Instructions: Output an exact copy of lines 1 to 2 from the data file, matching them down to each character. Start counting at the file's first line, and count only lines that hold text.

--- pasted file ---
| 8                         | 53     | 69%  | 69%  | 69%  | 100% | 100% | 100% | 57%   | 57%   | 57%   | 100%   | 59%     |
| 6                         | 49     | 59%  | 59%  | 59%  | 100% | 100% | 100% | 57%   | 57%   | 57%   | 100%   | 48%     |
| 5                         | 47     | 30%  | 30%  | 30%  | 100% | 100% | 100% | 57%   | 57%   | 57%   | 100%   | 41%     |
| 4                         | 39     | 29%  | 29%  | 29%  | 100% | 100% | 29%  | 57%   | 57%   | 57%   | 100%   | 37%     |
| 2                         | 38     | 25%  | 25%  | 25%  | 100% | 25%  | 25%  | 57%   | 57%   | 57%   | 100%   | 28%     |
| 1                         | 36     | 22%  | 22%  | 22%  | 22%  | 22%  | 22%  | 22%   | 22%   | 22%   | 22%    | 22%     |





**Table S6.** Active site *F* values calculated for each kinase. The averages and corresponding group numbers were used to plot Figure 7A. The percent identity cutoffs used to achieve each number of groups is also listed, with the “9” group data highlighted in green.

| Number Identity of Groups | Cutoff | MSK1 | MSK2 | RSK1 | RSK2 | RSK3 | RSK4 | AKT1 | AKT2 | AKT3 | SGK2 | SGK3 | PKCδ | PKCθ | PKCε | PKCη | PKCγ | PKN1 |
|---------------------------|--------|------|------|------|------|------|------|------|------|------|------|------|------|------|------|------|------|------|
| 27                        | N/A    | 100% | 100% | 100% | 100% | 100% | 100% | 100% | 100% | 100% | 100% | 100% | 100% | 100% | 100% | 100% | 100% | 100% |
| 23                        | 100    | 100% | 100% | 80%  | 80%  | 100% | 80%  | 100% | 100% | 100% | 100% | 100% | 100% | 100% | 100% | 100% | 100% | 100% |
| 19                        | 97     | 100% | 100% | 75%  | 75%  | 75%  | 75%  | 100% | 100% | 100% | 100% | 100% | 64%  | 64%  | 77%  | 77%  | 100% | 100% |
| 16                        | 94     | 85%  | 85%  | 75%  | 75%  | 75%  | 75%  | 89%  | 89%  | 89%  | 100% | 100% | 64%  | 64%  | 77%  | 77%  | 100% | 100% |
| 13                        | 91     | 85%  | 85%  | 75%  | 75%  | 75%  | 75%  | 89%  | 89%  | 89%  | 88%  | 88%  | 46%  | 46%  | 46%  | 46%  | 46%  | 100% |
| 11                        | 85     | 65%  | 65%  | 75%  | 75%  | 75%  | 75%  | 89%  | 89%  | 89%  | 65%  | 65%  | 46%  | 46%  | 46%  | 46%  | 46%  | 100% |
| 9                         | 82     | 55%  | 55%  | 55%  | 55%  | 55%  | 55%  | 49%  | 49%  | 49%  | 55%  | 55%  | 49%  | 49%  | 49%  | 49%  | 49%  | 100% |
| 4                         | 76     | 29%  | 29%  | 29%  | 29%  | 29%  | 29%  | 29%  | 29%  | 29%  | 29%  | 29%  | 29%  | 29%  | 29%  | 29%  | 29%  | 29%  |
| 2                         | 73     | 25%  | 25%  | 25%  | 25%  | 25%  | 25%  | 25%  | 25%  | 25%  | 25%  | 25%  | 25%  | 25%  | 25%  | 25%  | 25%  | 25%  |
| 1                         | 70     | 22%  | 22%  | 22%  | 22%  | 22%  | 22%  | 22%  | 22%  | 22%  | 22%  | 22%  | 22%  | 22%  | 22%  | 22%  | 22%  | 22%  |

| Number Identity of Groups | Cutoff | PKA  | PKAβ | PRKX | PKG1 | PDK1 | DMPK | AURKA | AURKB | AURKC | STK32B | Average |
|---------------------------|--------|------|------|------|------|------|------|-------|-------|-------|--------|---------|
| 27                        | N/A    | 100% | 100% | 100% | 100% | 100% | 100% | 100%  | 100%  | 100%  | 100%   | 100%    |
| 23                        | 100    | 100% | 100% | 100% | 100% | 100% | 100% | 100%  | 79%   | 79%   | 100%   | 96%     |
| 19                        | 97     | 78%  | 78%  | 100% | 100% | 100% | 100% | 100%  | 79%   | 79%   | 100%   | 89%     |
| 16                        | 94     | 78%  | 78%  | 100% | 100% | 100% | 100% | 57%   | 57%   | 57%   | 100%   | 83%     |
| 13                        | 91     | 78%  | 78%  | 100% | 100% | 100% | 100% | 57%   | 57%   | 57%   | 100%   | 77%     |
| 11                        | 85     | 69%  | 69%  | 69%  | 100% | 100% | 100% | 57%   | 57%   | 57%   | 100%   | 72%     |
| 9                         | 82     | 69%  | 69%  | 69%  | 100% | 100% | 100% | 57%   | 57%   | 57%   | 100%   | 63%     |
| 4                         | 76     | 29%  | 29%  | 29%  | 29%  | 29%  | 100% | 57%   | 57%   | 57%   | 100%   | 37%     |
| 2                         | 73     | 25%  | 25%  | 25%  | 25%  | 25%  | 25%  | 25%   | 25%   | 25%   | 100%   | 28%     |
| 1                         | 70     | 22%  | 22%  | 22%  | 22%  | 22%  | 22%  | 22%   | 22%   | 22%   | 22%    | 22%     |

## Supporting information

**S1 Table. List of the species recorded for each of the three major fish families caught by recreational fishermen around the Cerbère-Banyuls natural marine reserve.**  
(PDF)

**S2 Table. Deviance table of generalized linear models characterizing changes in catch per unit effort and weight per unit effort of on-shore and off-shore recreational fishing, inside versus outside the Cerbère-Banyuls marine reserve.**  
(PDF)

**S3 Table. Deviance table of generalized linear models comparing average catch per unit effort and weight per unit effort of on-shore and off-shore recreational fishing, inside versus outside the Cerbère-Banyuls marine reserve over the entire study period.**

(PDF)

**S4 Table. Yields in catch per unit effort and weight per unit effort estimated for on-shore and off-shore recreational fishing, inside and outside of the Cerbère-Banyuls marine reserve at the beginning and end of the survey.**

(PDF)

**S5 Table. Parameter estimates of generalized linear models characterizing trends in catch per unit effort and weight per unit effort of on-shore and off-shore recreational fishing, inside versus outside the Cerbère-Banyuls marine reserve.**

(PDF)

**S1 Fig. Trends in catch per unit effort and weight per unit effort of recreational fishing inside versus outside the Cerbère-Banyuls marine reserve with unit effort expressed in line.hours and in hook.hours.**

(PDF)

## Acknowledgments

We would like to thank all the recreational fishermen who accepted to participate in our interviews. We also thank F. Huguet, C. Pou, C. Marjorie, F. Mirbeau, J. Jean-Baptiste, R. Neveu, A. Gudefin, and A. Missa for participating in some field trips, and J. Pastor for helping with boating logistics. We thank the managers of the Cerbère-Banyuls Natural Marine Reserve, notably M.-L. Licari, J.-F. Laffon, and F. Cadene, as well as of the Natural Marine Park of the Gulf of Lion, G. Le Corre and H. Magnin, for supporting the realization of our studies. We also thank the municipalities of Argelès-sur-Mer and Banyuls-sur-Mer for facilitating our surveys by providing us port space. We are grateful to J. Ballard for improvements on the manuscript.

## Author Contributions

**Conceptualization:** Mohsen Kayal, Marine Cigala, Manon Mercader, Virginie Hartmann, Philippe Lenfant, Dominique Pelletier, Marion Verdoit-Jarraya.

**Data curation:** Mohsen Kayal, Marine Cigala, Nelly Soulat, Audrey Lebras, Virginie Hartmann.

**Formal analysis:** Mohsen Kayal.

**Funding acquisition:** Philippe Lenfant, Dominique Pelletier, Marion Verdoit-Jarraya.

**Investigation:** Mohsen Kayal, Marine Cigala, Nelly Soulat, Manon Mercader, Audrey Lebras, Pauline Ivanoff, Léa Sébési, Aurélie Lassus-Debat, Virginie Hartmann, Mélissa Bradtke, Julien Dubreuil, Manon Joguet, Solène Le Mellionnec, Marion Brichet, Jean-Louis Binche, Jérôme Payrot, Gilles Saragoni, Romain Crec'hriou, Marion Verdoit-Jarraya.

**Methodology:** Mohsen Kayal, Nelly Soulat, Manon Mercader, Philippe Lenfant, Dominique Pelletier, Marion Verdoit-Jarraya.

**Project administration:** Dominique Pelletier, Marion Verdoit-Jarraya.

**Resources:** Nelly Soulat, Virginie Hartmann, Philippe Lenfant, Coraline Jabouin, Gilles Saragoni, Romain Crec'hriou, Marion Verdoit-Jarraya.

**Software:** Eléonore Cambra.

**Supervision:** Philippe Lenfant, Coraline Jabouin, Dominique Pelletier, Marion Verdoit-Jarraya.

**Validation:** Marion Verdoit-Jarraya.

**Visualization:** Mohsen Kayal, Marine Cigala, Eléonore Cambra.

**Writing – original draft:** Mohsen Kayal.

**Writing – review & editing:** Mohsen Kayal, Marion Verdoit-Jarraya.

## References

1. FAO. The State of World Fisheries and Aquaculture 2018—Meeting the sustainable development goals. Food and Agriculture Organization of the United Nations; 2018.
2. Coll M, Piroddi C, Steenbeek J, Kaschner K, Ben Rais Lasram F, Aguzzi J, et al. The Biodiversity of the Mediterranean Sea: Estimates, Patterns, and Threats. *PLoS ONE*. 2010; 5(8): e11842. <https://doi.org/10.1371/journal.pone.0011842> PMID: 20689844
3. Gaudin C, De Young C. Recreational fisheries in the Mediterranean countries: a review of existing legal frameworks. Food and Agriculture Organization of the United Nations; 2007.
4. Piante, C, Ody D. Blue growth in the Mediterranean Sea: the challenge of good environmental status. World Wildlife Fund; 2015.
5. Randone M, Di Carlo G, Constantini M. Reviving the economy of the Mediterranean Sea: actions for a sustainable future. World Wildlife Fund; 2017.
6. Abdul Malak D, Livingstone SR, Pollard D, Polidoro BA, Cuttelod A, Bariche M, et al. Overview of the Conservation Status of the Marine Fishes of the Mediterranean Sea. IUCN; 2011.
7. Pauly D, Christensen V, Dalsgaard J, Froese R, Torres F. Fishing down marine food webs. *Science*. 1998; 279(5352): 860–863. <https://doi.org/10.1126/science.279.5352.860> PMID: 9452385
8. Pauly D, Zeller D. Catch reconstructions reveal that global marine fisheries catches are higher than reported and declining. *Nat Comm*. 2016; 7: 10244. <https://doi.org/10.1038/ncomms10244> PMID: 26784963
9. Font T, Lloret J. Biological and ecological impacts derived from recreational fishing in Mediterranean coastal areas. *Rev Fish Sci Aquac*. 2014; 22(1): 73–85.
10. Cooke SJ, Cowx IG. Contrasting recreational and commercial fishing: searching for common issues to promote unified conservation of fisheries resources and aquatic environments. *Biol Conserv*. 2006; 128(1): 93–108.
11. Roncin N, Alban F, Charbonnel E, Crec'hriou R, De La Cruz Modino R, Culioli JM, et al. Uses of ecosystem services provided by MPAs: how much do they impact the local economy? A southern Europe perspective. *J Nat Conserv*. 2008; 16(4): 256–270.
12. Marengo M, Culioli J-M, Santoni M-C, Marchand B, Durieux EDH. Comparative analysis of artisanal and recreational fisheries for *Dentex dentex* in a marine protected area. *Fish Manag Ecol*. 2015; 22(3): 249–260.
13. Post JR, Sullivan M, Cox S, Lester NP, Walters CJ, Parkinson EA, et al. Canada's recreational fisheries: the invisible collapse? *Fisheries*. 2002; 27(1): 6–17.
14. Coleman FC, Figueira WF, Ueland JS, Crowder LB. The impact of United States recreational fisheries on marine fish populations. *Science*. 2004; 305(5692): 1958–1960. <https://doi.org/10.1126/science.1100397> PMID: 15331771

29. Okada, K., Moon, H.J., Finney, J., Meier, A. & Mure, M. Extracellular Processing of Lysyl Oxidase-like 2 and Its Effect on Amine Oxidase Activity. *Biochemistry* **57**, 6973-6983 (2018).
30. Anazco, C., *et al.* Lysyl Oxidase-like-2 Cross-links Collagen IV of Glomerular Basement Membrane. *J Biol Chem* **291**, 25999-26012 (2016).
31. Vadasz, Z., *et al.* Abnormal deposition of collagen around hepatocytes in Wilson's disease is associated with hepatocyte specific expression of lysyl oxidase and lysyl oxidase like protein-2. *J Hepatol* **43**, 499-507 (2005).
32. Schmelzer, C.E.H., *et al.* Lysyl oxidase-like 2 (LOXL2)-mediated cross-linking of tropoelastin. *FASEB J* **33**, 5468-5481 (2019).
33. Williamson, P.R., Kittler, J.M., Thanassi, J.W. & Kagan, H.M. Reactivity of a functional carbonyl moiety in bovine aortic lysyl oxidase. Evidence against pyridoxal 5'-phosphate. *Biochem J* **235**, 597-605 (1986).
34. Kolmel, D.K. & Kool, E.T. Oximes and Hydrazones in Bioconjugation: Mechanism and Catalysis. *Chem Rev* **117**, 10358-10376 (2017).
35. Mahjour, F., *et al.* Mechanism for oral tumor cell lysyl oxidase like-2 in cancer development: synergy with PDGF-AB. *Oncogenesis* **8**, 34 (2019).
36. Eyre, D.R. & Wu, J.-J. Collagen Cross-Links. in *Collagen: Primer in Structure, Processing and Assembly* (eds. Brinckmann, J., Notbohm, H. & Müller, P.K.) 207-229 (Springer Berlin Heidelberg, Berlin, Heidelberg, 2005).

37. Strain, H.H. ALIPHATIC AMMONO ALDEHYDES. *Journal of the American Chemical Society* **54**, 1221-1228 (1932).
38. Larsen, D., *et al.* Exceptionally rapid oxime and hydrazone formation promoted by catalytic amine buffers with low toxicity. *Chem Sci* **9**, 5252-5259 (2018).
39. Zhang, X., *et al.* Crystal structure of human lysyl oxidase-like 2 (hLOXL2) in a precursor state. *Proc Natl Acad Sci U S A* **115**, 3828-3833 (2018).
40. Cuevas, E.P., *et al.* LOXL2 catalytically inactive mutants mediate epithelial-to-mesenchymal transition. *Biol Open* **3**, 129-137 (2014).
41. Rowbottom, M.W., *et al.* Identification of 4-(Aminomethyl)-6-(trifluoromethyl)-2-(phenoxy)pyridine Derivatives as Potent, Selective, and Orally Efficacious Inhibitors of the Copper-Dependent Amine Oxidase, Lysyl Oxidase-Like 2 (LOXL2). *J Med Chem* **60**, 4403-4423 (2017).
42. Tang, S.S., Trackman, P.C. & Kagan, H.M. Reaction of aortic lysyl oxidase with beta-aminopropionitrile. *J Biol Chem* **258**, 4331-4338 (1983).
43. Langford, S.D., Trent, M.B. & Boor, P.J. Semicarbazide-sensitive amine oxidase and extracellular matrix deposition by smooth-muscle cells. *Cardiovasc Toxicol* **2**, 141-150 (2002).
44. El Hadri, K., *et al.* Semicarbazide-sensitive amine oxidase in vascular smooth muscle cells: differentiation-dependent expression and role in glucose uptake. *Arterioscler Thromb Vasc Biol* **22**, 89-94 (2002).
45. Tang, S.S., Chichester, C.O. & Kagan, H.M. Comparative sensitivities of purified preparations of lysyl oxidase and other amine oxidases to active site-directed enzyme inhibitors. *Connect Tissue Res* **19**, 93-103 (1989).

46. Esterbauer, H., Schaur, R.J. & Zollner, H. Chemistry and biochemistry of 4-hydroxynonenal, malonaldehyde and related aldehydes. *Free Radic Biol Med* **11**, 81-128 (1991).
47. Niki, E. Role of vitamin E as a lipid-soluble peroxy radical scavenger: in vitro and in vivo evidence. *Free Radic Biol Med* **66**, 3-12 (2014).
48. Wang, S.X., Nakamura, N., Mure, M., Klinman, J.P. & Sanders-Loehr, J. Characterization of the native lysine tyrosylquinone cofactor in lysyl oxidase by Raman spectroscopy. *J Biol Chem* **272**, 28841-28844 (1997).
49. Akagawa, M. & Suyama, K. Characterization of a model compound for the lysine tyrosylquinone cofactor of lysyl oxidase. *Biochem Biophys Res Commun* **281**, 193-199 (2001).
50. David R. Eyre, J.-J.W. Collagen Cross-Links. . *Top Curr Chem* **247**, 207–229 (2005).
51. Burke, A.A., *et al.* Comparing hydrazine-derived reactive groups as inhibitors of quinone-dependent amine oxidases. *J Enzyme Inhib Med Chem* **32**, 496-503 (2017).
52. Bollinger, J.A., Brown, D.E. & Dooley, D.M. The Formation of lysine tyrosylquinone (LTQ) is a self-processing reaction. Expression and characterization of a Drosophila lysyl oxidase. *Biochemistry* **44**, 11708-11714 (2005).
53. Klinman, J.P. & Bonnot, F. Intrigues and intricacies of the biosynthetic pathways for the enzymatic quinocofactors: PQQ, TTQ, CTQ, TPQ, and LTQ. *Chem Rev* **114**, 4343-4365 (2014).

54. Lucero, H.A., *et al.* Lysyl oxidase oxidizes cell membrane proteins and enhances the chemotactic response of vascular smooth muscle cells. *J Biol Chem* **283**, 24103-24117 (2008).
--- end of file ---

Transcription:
| 8                         | 53     | 69%  | 69%  | 69%  | 100% | 100% | 100% | 57%   | 57%   | 57%   | 100%   | 59%     |
| 6                         | 49     | 59%  | 59%  | 59%  | 100% | 100% | 100% | 57%   | 57%   | 57%   | 100%   | 48%     |